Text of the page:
Does your code reward the right behavior?

We have rooms in our house; bedroom for sleeping, kitchen for cooking, dining room for dining, and my office is meant for work but in practice doesn’t reward work. There aren’t big distractions; but with the size of my keyboard, the (lack) of depth to my desk, and the fact that I have a curved monitor that *doesn’t* support a Vesa mount, I end up spending as much time fighting with the things on my desk as I do working, or at least it feels that way.

The solution, of course, is to buy furniture / set up all the things I need so that I don’t need to move anything around to work and to put the effort into ensuring that the entire focus of my office is work.

It sounds easy, right?

So why don’t we do that in our code bases?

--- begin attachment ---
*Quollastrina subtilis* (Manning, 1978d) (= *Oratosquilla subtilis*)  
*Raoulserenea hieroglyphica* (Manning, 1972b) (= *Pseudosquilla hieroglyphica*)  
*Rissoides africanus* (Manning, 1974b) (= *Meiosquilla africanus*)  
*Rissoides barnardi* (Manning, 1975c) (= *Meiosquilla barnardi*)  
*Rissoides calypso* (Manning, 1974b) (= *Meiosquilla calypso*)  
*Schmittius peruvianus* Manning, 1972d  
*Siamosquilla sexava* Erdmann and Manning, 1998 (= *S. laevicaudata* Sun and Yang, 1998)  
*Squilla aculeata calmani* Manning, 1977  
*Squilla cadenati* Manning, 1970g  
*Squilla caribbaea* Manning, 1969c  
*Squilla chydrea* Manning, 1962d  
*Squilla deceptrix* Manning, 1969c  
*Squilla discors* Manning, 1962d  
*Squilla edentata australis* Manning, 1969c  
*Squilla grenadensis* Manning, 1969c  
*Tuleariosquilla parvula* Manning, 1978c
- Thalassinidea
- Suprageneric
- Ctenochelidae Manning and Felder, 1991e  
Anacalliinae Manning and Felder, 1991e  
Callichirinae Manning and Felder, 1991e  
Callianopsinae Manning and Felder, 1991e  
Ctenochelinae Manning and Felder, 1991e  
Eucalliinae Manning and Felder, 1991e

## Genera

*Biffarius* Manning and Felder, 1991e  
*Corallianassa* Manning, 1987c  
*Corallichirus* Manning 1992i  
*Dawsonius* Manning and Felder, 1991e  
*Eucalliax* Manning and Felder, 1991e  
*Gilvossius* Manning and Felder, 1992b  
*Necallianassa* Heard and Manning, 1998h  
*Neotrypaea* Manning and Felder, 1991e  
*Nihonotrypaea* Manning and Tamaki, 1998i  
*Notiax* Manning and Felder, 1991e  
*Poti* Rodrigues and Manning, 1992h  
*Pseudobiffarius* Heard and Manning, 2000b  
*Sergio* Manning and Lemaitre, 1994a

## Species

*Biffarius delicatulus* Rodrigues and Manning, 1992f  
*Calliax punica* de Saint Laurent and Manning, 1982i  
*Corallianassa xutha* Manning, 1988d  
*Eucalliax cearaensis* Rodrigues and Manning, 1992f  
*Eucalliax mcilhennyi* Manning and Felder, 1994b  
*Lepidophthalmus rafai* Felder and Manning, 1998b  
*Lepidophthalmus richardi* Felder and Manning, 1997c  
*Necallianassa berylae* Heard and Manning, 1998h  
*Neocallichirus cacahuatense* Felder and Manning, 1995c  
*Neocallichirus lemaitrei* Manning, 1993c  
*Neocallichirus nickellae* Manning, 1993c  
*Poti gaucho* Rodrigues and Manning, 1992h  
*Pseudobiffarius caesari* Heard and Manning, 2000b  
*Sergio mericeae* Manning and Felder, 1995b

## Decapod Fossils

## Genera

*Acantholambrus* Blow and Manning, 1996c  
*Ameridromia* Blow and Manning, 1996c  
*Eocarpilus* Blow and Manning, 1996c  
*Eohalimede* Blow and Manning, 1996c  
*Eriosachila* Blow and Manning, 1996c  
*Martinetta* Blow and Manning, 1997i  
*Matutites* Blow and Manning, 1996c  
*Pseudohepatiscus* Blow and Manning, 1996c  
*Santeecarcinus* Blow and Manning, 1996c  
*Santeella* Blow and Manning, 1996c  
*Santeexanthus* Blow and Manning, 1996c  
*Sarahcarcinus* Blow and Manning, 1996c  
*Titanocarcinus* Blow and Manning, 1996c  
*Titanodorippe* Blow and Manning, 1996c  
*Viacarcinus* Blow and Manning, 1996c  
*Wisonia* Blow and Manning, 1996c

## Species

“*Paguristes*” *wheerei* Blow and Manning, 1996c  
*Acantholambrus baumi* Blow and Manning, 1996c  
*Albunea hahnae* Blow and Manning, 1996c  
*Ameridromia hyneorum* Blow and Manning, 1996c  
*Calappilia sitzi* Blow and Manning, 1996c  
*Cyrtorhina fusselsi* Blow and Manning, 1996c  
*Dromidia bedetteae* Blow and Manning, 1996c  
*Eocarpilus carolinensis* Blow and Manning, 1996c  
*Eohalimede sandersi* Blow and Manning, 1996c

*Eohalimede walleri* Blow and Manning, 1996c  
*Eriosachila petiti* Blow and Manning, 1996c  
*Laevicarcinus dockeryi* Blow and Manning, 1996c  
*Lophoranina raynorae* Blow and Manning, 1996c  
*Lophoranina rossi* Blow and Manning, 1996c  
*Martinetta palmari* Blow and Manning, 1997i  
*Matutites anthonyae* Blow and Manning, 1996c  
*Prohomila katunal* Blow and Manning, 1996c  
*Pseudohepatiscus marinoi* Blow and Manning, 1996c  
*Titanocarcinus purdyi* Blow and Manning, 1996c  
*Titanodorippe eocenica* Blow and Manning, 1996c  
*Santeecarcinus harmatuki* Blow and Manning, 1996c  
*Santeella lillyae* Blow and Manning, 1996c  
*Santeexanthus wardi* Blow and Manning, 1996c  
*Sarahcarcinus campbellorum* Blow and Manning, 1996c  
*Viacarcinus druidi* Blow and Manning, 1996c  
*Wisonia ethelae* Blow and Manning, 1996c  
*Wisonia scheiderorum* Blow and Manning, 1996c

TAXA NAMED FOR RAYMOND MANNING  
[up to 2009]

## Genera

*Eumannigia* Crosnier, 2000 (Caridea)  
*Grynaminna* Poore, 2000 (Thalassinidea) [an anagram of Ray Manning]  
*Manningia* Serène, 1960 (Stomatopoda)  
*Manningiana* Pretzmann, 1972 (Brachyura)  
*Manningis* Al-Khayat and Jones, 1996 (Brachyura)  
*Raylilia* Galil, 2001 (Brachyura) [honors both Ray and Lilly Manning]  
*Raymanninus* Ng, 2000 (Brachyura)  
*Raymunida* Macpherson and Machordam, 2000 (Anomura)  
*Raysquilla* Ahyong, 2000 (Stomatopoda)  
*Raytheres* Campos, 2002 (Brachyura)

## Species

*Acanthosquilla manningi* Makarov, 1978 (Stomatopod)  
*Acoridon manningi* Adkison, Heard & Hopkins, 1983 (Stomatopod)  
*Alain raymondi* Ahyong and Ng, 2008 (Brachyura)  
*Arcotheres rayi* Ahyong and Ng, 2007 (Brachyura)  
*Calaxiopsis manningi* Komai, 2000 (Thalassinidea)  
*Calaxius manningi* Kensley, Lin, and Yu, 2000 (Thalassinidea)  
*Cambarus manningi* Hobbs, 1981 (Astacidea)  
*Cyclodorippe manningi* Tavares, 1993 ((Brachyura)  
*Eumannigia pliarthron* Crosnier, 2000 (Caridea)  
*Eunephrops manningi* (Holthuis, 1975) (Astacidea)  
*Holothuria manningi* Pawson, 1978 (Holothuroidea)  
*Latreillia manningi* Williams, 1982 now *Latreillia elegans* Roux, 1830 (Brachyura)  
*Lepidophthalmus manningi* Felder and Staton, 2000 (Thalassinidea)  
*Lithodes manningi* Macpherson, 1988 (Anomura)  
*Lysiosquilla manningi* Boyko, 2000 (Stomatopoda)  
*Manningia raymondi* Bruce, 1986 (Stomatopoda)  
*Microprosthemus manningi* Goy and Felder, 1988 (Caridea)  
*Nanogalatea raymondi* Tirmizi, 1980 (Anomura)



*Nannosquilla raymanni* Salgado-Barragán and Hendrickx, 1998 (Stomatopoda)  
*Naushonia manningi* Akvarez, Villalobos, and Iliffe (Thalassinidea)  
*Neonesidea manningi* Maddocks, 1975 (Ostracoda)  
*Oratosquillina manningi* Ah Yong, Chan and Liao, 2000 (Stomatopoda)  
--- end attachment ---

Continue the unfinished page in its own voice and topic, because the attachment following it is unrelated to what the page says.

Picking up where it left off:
A codebase should reward certain actions and discourage others. For instance, if you write Microservices, and you want to be sure you can’t reuse code, then setting up micro-repositories (one repository per service) might be an approach to solving that. You could also solve it through manual human intervention or “style guides”, but if we’re being honest we know they’re either ignored or used as a cudgel against those we don’t like. A mechanical guard against actions we don’t want developers to take in the codebase is the best way to go — it’s enforced by the unfeeling machine, and we don’t have to worry about hurting human relationships over the problem. Micro-repositories do this for Microservices (the fact that they both have ‘micro’ in front of them is coincidental, one does not imply the other).

We say this in our code, but not enough in our infrastructure or in our team setup: The right thing should be easy, the wrong thing should be impossible.

One step towards operating proficiently as a software team is to ensure that your team’s procedures, setup, guidelines, and rules that you want enforced are enforced at a mechanical level — a level that results in very neat paths for people to follow without devoting brain power to it.

Programming is hard enough without devoting brainpower to rules that should be enforced mechanically.

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